AMY GOODMAN: That graphic description of the bombing that happened four months — a little more than four months after the Children’s Crusade. We are continuing with Janice Kelsey, whose name was similar to Cynthia Wesley, one of the four girls who was killed, and so people called in condolences to Janice’s family, thinking maybe it was her. But she was active in the Children’s Crusade at the age of 16 in Birmingham, Alabama. And we’re joined by Paul Kix, author of You Have to Be Prepared to Die, that chronicles this pivotal moment in U.S. history. Janice Kelsey, after the protests — and you were arrested in this period 60 years ago?
JANICE KELSEY: Sixty years ago today, I was arrested for parading without a permit.
AMY GOODMAN: Did you ever get slammed by those water hoses, or were you arrested before?
JANICE KELSEY: I was arrested before the water hoses and the dogs.
AMY GOODMAN: To show, I think, how powerful your protest was, maybe if you could talk about those who criticized King and the other leaders, saying, “You shouldn’t put children on the frontline”? I think that was Malcolm X who said, “Real men don’t put their children on the firing line.” Robert Kennedy also criticized this strategy. Your response to them?
JANICE KELSEY: Well, we didn’t have any other choice. If our parents had protested, they could have lost their jobs. They would have gone to jail. There was no one to take care of us. But as Bevel pointed out to us, we really didn’t have anything to lose. We were getting a second-class education. We had all kinds of inequities put on us. And if we wanted that to change, we were going to be the change agents. We didn’t have anything to lose.
AMY GOODMAN: Paul Kix, if you could talk about a secret meeting that was held that included James Bevel and Dr. King, and then the unbelievable fundraiser that was held in Harry Belafonte’s apartment — who we just lost at the age of 96 — and what that meant for this movement?
PAUL KIX: So, in January of 1963, the SCLC had a secret meeting in Dorchester, Georgia. And they didn’t even invite all of the executive directors. Martin Luther King Jr. didn’t even invite his own father to this meeting, because they wanted to discuss what they called the most dangerous idea in the civil rights movement, and that was: Should we go to Birmingham?
And it was a huge risk, because the SCLC was broke. The SCLC had been criticized for years for ineffective leadership. The SCLC, just one year prior, had staged a massive and absolutely abysmal failure of a campaign in Albany, Georgia. The SCLC was sneered at by other civil rights groups at the same time, by the same token that they were sneered at by the press, be it Northern press or Southern press. And so, this campaign, they decided, we are — in that secret meeting in Dorchester, they thought, “Well, we are either going to break segregation in Birmingham, or we are going to be broken by it.” There was a real concern that the SCLC would die as a result of this. And in fact, there was a real concern that a lot of SCL members would actually die in Birmingham just for taking part. King even delivered mock eulogies in Birming — excuse me, in Dorchester, in preparation for what they thought Birmingham would be like.
And then, to — you asked, the other half of this is Harry Belafonte, and he played —
AMY GOODMAN: And so, that was Bevel, Shuttlesworth, King and Abernathy who had this secret meeting.
PAUL KIX: There were some — the accounts vary as to how many there were. It is somewhere between 11 and 15 people. There were a few other people there, as well. But, yes, there was a core group of people there. It was Fred Shuttlesworth. Wyatt Walker was there. James Bevel was there. King was there. Those are the four people that ended up being the four protagonists in my book.
And then, a secondary character, and hugely influential throughout the entire campaign, was Harry Belafonte. And if we flash forward a copy of months — this secret meeting happens in January of 1963. In late March of 1963, just days before Project Confrontation, as it was known, the Birmingham campaign — that was a secret name for it, Project Confrontation. Just days before that campaign launched, there was the just as large gamble as to how exactly they were going to try to finance it. And so they go to Harry Belafonte’s apartment in New York. And while they are there, Fred Shuttlesworth, who was kind of a regionally known civil rights activist — Janice would know who he was — but he was a Birmingham pastor who was absolutely fearless. And he wowed the donors there that night, with just basically stories of his courage and bravery and faith. And at the end of his speech, he said, “You have to be prepared to die before you can begin to live.” And that was the line that just amazed the donors. And that night in Belafonte’s apartment, they raised $475,000 for the Birmingham campaign, which is akin, I think, today — I don’t have the calculator in front of me, but something like $4 million in modern currency. And it was the largest-ever — it was the largest-ever fundraiser in the SCLC’s history, and that was the money that they used, orchestrated almost entirely by Harry Belafonte, to then go into Birmingham.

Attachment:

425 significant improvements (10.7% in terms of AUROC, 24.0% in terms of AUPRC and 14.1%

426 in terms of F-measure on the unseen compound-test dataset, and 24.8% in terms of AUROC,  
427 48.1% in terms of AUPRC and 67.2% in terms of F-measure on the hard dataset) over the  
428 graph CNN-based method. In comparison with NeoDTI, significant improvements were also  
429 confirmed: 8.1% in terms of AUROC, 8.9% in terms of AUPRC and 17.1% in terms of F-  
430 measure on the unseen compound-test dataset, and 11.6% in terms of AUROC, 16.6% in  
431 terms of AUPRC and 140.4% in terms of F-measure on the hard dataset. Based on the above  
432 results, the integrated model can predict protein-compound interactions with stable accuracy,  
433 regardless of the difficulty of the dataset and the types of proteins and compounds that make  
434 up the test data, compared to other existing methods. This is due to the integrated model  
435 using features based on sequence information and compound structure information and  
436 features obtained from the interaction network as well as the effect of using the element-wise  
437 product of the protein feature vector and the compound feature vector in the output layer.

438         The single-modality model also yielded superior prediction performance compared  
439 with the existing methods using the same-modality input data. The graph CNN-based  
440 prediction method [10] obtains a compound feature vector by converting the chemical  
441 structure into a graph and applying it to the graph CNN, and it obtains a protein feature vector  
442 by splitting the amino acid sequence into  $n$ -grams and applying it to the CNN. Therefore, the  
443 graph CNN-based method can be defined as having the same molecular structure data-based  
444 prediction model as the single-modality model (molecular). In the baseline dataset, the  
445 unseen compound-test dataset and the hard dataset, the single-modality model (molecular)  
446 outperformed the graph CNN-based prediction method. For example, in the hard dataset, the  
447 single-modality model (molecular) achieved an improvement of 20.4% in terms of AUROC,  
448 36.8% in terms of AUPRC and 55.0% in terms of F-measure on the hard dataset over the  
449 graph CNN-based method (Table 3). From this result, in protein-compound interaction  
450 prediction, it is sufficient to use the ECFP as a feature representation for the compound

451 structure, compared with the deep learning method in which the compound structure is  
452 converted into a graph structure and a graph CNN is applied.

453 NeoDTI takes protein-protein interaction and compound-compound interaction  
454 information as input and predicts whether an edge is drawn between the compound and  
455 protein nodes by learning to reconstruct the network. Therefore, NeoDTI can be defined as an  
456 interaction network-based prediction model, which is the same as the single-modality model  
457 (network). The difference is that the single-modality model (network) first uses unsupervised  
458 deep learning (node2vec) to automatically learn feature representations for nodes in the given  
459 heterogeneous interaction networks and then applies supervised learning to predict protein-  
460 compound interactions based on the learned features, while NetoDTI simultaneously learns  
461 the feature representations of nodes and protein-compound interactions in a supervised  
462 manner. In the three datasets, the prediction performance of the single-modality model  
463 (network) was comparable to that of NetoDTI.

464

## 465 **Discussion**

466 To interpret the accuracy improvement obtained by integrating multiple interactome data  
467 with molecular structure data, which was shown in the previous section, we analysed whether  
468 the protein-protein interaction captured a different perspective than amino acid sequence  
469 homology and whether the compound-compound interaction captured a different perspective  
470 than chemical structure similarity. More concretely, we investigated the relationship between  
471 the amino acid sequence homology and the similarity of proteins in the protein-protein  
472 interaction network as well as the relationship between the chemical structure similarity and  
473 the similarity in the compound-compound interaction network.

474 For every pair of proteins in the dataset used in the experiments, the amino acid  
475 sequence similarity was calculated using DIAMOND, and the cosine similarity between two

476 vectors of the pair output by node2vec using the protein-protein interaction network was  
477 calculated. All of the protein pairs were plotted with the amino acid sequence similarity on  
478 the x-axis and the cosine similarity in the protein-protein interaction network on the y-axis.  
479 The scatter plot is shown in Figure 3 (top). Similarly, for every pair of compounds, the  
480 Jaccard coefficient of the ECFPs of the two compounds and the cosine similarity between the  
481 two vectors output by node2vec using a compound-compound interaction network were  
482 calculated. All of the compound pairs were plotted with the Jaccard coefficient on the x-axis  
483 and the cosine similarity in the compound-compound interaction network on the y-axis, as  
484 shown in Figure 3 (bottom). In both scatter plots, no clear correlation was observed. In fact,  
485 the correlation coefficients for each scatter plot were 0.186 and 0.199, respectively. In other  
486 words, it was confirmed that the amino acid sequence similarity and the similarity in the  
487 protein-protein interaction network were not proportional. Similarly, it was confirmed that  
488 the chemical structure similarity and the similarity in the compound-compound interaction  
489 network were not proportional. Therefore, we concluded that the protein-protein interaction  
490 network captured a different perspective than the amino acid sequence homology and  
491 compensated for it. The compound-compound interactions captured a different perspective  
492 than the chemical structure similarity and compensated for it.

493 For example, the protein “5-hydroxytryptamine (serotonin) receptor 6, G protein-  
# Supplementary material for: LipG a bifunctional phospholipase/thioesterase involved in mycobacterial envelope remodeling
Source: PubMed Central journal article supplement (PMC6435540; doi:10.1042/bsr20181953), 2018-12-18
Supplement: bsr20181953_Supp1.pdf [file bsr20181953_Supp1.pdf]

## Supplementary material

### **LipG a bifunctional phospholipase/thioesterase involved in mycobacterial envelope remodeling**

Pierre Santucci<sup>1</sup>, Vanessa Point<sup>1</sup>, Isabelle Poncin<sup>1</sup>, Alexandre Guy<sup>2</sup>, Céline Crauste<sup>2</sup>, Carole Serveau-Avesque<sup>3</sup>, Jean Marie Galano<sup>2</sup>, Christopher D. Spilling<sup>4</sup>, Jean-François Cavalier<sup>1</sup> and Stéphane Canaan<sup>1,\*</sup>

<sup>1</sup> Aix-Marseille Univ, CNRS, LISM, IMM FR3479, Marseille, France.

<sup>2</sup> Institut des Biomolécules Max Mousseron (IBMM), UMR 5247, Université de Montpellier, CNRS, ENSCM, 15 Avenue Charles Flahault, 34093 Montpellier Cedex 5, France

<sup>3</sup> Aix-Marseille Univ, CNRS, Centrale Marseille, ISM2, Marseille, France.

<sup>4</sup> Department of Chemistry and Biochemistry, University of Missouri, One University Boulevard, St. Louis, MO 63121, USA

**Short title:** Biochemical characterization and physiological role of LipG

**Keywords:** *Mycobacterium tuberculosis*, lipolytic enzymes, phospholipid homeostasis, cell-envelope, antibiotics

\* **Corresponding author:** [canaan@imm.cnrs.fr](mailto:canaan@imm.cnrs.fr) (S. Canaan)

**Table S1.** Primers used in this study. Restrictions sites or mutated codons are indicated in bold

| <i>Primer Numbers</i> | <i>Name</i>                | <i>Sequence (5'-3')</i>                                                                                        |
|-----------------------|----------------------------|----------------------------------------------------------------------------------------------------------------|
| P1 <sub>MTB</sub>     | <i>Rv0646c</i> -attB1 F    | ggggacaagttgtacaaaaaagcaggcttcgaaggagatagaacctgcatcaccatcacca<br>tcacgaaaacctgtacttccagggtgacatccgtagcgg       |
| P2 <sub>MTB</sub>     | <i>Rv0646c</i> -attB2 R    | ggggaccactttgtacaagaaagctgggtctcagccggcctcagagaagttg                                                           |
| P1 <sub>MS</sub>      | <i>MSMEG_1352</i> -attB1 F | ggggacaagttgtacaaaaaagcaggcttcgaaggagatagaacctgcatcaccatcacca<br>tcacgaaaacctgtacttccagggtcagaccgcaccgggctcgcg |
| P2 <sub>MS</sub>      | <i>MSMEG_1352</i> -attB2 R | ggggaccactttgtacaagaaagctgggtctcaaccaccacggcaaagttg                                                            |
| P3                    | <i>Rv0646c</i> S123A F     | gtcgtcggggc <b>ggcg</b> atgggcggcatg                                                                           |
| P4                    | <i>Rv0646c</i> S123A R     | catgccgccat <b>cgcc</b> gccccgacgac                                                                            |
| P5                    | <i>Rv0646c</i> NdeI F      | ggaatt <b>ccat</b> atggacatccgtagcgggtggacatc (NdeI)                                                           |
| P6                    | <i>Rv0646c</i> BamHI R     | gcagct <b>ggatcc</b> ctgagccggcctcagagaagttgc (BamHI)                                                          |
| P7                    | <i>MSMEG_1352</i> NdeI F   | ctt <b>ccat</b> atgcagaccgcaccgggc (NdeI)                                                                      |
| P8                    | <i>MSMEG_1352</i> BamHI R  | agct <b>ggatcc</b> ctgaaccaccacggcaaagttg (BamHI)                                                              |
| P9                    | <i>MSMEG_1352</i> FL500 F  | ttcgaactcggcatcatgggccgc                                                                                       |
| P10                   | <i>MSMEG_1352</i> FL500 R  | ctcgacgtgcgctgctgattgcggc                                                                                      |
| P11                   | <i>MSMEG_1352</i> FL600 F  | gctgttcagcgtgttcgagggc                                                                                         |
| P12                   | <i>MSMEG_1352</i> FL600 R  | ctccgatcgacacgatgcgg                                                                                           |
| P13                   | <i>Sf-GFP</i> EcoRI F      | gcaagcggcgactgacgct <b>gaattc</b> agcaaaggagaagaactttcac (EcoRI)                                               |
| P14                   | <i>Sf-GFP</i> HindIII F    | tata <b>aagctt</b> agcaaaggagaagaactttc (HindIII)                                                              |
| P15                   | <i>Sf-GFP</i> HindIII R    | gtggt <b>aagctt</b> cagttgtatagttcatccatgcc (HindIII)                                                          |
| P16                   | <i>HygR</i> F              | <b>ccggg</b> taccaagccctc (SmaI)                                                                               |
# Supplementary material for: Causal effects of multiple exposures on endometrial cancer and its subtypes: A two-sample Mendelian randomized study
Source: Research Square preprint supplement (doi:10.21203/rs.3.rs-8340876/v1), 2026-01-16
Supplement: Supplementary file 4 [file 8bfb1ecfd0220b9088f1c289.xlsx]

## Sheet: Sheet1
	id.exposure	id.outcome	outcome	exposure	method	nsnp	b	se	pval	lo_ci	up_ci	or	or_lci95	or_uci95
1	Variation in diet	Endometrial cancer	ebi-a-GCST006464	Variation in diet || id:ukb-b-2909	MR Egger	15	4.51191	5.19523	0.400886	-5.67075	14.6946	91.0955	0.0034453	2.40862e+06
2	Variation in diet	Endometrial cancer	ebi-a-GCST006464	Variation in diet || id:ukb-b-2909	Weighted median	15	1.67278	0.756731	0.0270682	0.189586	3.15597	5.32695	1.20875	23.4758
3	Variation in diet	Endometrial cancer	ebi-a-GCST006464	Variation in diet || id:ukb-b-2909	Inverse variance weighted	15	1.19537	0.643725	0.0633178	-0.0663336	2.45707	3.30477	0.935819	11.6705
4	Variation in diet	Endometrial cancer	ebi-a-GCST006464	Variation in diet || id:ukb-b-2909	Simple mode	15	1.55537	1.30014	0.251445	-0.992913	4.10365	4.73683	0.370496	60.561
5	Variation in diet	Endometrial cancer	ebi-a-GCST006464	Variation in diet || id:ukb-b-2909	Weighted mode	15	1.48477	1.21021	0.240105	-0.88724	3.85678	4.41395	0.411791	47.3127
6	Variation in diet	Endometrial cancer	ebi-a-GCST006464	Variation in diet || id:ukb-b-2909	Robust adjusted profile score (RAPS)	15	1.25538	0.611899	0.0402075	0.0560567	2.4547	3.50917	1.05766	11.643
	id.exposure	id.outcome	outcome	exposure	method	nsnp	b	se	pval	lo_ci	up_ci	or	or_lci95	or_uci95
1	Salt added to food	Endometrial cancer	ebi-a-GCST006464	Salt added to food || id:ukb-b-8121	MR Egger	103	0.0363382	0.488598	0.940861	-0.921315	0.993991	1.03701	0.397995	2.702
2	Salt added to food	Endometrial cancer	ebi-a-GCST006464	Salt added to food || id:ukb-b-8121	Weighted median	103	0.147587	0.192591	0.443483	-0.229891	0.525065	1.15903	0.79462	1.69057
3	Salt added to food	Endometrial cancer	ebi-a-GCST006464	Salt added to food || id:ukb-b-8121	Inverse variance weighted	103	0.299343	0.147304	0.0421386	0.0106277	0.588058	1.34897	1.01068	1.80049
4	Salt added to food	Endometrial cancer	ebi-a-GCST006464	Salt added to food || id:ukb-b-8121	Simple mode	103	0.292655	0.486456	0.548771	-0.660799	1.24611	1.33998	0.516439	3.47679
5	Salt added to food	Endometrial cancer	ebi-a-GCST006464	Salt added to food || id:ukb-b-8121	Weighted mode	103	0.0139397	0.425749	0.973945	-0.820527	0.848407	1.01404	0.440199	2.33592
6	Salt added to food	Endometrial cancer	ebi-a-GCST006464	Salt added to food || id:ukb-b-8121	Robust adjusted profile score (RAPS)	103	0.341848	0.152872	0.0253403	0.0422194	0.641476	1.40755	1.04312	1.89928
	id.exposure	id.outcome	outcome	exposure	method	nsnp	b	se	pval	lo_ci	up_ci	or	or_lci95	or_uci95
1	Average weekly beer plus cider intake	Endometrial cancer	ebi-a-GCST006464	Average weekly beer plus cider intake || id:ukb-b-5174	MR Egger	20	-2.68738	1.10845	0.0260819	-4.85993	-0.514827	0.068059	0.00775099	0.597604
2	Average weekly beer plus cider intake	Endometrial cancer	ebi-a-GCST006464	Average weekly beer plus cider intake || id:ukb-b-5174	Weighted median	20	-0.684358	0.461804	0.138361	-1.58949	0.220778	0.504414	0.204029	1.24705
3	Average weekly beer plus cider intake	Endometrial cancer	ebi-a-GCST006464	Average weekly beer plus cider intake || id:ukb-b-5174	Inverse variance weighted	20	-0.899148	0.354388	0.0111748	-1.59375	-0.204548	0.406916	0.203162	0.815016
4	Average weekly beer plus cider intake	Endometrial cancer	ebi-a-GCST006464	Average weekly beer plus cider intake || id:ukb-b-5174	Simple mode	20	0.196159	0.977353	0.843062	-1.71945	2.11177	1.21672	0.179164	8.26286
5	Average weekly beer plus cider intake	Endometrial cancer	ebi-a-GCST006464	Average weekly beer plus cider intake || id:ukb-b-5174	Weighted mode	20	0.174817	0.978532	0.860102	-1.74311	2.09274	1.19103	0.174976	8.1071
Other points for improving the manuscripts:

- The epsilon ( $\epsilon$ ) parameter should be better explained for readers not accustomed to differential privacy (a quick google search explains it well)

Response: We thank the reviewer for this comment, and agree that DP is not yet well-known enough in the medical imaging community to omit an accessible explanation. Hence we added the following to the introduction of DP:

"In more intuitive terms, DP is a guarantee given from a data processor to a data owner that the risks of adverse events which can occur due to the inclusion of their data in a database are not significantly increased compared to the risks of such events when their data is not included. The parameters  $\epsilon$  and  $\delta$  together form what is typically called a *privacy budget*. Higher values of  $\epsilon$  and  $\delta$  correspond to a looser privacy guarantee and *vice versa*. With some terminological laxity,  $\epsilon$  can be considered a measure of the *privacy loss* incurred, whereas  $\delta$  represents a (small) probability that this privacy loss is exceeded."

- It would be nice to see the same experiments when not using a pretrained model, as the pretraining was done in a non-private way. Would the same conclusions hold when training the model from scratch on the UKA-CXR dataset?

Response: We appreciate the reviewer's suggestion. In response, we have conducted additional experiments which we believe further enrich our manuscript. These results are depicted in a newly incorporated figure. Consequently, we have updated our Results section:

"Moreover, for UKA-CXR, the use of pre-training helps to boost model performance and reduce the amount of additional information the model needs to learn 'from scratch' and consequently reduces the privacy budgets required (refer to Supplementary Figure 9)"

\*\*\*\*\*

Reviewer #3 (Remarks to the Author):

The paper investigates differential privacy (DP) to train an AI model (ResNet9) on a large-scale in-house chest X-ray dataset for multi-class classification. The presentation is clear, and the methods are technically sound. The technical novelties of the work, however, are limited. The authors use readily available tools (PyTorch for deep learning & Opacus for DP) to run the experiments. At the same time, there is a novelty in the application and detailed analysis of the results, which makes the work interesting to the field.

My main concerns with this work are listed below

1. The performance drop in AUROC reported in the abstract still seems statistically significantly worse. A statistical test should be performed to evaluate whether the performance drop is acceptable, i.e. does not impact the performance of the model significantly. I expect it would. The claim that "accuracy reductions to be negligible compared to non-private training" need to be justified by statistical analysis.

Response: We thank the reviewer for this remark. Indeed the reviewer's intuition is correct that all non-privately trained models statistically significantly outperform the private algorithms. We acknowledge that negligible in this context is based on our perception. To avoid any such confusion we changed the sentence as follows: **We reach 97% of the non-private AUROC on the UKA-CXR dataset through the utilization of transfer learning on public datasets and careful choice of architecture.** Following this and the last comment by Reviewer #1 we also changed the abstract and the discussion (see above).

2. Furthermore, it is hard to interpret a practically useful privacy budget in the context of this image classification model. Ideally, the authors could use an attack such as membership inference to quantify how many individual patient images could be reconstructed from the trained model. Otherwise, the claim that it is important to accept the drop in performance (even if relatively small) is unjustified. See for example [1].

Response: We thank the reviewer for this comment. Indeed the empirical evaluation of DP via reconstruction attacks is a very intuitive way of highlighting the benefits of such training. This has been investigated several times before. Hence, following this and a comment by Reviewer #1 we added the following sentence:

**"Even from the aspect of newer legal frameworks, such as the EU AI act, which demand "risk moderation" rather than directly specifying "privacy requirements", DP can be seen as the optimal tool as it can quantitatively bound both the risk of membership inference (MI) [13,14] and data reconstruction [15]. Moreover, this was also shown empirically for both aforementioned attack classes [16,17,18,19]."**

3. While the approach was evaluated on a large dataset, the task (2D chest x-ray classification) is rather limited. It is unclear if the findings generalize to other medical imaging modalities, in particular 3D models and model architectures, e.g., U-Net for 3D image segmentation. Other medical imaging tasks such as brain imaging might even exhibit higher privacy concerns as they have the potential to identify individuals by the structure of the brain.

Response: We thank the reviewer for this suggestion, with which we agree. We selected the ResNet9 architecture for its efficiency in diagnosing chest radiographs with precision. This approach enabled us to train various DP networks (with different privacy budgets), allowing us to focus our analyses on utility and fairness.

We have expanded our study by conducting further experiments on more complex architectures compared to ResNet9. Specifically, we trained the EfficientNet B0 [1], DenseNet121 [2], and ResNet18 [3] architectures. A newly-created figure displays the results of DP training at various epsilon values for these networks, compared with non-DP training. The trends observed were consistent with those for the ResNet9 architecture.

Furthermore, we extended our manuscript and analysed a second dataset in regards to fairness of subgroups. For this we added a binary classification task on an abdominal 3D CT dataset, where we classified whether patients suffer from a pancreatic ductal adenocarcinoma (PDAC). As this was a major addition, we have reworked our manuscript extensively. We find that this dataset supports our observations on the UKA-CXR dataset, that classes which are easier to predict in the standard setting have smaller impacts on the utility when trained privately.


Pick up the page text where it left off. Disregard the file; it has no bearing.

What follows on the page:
AMY GOODMAN: Finally, Janice Kelsey, we just have a minute, but I wanted to end with your voice. Sixty years ago today, you were arrested in the Children’s Crusade. Your thoughts at this moment and message about what’s happening today?
JANICE KELSEY: It’s very discouraging and frightening to see leaders in legislatures and governors who are trying to push back on the gains that were made due to the tremendous sacrifices that were made by young people 60 years ago, not just people like me who went to jail, but people like the four girls who were killed at church, and the four young men who were killed in the communities that same Sunday. A lot of blood sacrifice went forth in order for us to gain the measures that were gained. And it is frightening to see the big push by people in leadership positions to return to the way we were. And I’m hoping and praying that our young people will step up again and say, “No, we are not going back.”
AMY GOODMAN: Janice Kelsey —
JANICE KELSEY: That’s what those two legislators did.
AMY GOODMAN: Thank you so much for being with us, longtime civil rights activist in Birmingham, Alabama. And Paul Kix, You Have to Be Prepared to Die, his new book. Thank you.